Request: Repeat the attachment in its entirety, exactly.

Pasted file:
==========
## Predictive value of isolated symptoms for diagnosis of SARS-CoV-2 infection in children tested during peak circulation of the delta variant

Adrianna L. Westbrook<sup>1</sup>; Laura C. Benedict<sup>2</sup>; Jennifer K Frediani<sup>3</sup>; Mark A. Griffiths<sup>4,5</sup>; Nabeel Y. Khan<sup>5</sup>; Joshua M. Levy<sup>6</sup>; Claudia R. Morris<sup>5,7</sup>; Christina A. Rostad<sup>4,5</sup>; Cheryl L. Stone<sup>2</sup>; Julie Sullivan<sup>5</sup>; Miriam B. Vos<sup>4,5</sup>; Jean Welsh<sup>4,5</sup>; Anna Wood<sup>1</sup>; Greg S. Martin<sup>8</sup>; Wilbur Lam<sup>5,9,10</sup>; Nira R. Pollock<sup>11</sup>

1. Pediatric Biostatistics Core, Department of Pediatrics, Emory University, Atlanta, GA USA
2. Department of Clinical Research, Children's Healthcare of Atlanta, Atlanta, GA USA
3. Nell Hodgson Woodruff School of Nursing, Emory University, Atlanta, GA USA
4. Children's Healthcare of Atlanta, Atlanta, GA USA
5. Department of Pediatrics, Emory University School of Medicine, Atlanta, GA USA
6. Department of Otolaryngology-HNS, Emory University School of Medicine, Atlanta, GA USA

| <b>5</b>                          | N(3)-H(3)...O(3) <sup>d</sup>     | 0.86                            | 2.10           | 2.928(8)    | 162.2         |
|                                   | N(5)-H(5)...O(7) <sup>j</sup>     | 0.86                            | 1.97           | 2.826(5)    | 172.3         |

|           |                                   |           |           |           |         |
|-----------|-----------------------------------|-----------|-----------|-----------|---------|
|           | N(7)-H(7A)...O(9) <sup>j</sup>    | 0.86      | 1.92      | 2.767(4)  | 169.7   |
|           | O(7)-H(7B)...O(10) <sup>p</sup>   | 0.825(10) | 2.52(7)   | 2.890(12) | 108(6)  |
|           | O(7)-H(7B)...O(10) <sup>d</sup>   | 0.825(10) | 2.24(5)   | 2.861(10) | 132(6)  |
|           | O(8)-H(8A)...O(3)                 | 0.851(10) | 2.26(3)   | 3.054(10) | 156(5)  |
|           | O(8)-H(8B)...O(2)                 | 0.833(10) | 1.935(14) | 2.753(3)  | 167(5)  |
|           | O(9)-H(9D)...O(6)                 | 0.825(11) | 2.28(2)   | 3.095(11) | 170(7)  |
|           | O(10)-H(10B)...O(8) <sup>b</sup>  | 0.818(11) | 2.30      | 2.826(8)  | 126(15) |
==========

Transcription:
## Predictive value of isolated symptoms for diagnosis of SARS-CoV-2 infection in children tested during peak circulation of the delta variant

Adrianna L. Westbrook<sup>1</sup>; Laura C. Benedict<sup>2</sup>; Jennifer K Frediani<sup>3</sup>; Mark A. Griffiths<sup>4,5</sup>; Nabeel Y. Khan<sup>5</sup>; Joshua M. Levy<sup>6</sup>; Claudia R. Morris<sup>5,7</sup>; Christina A. Rostad<sup>4,5</sup>; Cheryl L. Stone<sup>2</sup>; Julie Sullivan<sup>5</sup>; Miriam B. Vos<sup>4,5</sup>; Jean Welsh<sup>4,5</sup>; Anna Wood<sup>1</sup>; Greg S. Martin<sup>8</sup>; Wilbur Lam<sup>5,9,10</sup>; Nira R. Pollock<sup>11</sup>

1. Pediatric Biostatistics Core, Department of Pediatrics, Emory University, Atlanta, GA USA
2. Department of Clinical Research, Children's Healthcare of Atlanta, Atlanta, GA USA
3. Nell Hodgson Woodruff School of Nursing, Emory University, Atlanta, GA USA
4. Children's Healthcare of Atlanta, Atlanta, GA USA
5. Department of Pediatrics, Emory University School of Medicine, Atlanta, GA USA
6. Department of Otolaryngology-HNS, Emory University School of Medicine, Atlanta, GA USA

| <b>5</b>                          | N(3)-H(3)...O(3) <sup>d</sup>     | 0.86                            | 2.10           | 2.928(8)    | 162.2         |
|                                   | N(5)-H(5)...O(7) <sup>j</sup>     | 0.86                            | 1.97           | 2.826(5)    | 172.3         |

|           |                                   |           |           |           |         |
|-----------|-----------------------------------|-----------|-----------|-----------|---------|
|           | N(7)-H(7A)...O(9) <sup>j</sup>    | 0.86      | 1.92      | 2.767(4)  | 169.7   |
|           | O(7)-H(7B)...O(10) <sup>p</sup>   | 0.825(10) | 2.52(7)   | 2.890(12) | 108(6)  |
|           | O(7)-H(7B)...O(10) <sup>d</sup>   | 0.825(10) | 2.24(5)   | 2.861(10) | 132(6)  |
|           | O(8)-H(8A)...O(3)                 | 0.851(10) | 2.26(3)   | 3.054(10) | 156(5)  |
|           | O(8)-H(8B)...O(2)                 | 0.833(10) | 1.935(14) | 2.753(3)  | 167(5)  |
|           | O(9)-H(9D)...O(6)                 | 0.825(11) | 2.28(2)   | 3.095(11) | 170(7)  |
|           | O(10)-H(10B)...O(8) <sup>b</sup>  | 0.818(11) | 2.30      | 2.826(8)  | 126(15) |